In step 704, the controller determines whether reversing the phase of the phase A voltage measurement would produce compliant measured voltage phase angle values. To this end, the processor adds (or subtracts) 180 from the measured V<.sub.B and V<.sub.C values and recompares those values with the expected values. Because V<.sub.A is generally used as the reference phase angle, which is always 0 V<.sub.C provides a sufficient approximation of the effects of reversing V<.sub.A. If the comparison of the reversed V<.sub.B and V<.sub.C indicates the measured voltage phase angles are now compliant, then a voltage polarity error is indicated, and the controller proceeds to effect a compensation for the voltage polarity error (step 708). If not, however, then the controller continues its diagnosis (step 712).

In step 708, the controller effects the compensation by altering the configuration of the meter's measurement circuit or conversion circuit such that the phase A voltage measurements are reversed in phase. This may be accomplished a number of ways, including, for example, multiplying phase A digital voltage measurement signal samples by -1. In the exemplary embodiment described in FIG. 4, the controller 108 may suitably provide a control signal to the DSP 128 that causes the DSP 128 to insert a -1 multiplier in equation (1) for phase A only. The -1 multiplier may be inserted into the phase A calculation by multiplying the phase A calibration constant, CAL.sub.A, by -1.

It is noted that reversing a phase voltage polarity using the method described above in connection with steps 704 and 708 will compensate for two distinct types of wiring errors. The first type of wiring error that is compensated by reversing a phase voltage polarity is an error in which the phase voltage sensor corresponding to the compensated phase voltage is reverse wired. For example, compensating the phase A voltage measurement will compensate a wiring error in which the phase A voltage sensor is reverse wired. The second wiring error that would be compensated in steps 704 and 708 is a situation in which all of the phase voltage sensor devices except than the one corresponding to the compensated phase voltage are wired backwards. In other words, if the phase B and phase C voltage sensors are wired backwards, step 704 and step 708 will effectively reverse the polarity of the phase A voltage measurement. In such a case, however, it is noted that while the compensated measured angles, V<.sub.A, V<.sub.B, and V<.sub.C appear to have the right angular relationship, they are all actually 180 errors in subsequent power consumption calculations. Steps 720, 721, 723, and 724, discussed below, address that situation to avoid such errors.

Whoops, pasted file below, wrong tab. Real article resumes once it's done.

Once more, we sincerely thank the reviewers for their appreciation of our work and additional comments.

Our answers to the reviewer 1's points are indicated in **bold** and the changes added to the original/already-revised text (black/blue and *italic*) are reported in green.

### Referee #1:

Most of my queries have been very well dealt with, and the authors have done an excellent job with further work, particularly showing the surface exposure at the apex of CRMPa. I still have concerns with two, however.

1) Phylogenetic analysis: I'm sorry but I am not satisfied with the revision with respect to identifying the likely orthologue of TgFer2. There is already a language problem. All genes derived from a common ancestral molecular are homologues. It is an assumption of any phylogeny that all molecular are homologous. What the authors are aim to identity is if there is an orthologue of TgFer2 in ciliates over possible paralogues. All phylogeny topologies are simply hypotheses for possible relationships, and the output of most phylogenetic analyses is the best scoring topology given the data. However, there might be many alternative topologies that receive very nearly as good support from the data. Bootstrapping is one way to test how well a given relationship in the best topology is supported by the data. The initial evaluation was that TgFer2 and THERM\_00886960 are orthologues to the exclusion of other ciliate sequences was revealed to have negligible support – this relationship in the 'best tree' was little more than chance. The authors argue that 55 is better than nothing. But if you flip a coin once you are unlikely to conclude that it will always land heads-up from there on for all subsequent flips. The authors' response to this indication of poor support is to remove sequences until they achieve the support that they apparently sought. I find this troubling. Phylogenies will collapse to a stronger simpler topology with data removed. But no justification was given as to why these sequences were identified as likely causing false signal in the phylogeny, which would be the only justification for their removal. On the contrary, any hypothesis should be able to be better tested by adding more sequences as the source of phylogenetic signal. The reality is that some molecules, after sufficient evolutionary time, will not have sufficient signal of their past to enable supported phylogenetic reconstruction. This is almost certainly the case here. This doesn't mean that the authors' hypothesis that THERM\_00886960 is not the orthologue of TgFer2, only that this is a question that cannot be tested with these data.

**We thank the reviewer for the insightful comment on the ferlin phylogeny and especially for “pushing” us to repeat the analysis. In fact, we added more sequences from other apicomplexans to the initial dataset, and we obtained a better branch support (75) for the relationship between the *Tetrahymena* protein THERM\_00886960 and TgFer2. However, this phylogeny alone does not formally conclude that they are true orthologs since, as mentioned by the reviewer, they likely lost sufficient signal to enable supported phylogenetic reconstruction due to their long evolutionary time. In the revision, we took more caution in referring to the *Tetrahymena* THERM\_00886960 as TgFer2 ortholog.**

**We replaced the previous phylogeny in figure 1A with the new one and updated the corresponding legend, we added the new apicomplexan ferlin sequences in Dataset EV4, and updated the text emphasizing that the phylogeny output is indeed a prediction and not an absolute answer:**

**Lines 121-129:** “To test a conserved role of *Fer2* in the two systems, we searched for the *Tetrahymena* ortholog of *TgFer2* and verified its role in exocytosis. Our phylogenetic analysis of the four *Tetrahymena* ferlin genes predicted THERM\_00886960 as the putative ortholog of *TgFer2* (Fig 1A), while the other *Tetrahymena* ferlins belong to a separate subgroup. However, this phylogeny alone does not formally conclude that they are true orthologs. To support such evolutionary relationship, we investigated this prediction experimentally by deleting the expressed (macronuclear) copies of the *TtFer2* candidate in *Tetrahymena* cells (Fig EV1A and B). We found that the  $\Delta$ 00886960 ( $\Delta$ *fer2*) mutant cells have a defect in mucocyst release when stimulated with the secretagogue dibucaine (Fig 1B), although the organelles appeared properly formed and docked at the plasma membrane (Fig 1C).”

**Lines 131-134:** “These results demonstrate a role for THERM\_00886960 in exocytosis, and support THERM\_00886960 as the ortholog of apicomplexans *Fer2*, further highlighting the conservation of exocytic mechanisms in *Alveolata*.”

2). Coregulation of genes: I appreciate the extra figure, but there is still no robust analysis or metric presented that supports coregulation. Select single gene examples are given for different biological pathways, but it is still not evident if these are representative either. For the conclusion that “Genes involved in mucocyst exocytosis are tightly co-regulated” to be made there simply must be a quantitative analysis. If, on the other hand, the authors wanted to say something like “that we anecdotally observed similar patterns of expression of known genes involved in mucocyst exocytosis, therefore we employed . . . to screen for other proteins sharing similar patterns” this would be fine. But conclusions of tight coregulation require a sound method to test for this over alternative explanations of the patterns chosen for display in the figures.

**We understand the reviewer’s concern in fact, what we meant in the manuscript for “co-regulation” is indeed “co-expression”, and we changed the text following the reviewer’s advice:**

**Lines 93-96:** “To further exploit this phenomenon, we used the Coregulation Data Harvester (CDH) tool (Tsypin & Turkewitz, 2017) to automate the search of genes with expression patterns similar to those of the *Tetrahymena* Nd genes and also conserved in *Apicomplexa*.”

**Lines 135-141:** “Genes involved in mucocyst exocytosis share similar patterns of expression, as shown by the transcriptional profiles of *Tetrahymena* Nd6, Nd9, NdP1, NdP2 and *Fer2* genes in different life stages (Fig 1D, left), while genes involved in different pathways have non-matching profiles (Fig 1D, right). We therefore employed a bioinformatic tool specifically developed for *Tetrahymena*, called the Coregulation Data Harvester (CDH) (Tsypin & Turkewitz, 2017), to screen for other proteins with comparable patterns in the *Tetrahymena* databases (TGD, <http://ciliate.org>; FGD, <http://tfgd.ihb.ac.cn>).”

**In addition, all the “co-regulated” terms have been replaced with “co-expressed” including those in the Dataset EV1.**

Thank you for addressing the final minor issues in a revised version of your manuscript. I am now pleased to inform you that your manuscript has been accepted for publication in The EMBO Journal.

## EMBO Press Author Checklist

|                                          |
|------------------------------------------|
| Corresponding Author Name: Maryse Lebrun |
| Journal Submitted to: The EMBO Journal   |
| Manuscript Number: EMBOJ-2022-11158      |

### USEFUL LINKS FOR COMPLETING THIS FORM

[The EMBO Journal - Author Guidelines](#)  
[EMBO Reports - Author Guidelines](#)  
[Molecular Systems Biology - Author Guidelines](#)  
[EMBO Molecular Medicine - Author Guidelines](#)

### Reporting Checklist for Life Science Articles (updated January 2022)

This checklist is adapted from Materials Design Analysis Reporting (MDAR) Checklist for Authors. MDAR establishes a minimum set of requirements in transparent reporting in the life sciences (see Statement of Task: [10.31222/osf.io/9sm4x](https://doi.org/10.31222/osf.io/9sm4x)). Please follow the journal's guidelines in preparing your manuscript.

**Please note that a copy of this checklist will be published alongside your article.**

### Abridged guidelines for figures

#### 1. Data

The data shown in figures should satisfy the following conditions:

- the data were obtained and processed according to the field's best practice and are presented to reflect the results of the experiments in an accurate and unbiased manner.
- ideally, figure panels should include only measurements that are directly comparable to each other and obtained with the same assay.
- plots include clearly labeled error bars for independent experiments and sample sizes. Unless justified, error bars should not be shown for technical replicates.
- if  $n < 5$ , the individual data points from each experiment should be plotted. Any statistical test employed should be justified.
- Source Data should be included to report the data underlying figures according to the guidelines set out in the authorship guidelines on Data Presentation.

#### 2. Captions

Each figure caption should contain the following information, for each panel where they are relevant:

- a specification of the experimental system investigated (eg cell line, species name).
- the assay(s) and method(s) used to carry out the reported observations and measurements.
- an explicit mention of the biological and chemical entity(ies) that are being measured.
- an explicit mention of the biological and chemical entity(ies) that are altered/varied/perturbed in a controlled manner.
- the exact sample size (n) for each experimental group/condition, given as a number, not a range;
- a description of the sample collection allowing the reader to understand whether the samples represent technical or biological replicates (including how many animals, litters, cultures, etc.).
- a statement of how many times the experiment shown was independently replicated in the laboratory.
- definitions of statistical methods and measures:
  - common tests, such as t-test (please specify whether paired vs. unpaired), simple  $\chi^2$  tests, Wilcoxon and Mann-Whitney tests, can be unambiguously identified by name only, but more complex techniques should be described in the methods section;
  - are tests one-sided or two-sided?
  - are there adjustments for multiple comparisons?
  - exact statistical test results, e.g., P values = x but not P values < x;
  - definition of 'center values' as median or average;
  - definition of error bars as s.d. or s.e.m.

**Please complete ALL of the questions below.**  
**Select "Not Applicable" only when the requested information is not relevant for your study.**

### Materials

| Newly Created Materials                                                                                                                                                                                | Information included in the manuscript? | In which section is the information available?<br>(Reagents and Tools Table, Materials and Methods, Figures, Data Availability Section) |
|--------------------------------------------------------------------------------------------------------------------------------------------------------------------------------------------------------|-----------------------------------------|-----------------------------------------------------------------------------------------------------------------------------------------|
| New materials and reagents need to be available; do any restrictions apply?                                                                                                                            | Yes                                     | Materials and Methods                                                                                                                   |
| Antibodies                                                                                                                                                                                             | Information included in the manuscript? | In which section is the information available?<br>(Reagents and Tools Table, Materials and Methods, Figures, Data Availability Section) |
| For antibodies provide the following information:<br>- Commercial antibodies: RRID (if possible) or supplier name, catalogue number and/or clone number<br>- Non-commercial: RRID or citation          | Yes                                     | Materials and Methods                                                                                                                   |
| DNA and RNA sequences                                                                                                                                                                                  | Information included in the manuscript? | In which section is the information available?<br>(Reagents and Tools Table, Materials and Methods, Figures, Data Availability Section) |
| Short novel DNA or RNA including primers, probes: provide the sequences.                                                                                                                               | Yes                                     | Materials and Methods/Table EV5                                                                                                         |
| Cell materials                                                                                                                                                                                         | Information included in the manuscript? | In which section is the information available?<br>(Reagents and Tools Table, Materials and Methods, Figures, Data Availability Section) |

To assist in the detection of the effective reversal of all of the voltage phases in steps 720, 721, 723, and 724, the controller sets a compensation, or COMP flag=1, to indicate that at least one phase voltage measurement signal has been reversed, which indicates the possibility that all three phase voltages are 180 returns to its normal operations (step 710). In other words, the controller proceeds from step 618 as shown in FIG. 6 and discussed above.

Referring again to step 704, if it is determined that the reversal of the phase of V.sub.A would not produce compliant measured voltage values, then the controller determines if reversing the phase of V.sub.B would produce compliant values (step 712). Accordingly, in step 712, the controller adds (or subtracts) 180 that value with its corresponding expected value. If the recomparison evidences that each of the measured values, including the adjusted V<.sub.B are compliant, then a voltage polarity error is indicated for V.sub.B, and the controller proceeds to effect a compensation for the voltage polarity error (step 714). If not, however, then the controller continues its diagnosis (step 716).

In step 714, the controller effects the compensation by altering the configuration of the meter's measurement circuit such that the phase B voltage measurements are reversed in phase. This may be accomplished by causing the phase B digital voltage measurement signal samples to be multiplied by a factor -1, analogous to the technique described above for the compensation of a V.sub.A phase reversal in step 708. Once the controller effects the compensation, the controller then sets the COMP flag equal to 1 (step 719), and returns to its normal operations (step 710). In other words, the controller proceeds from step 418 as shown in FIG. 6 and discussed above.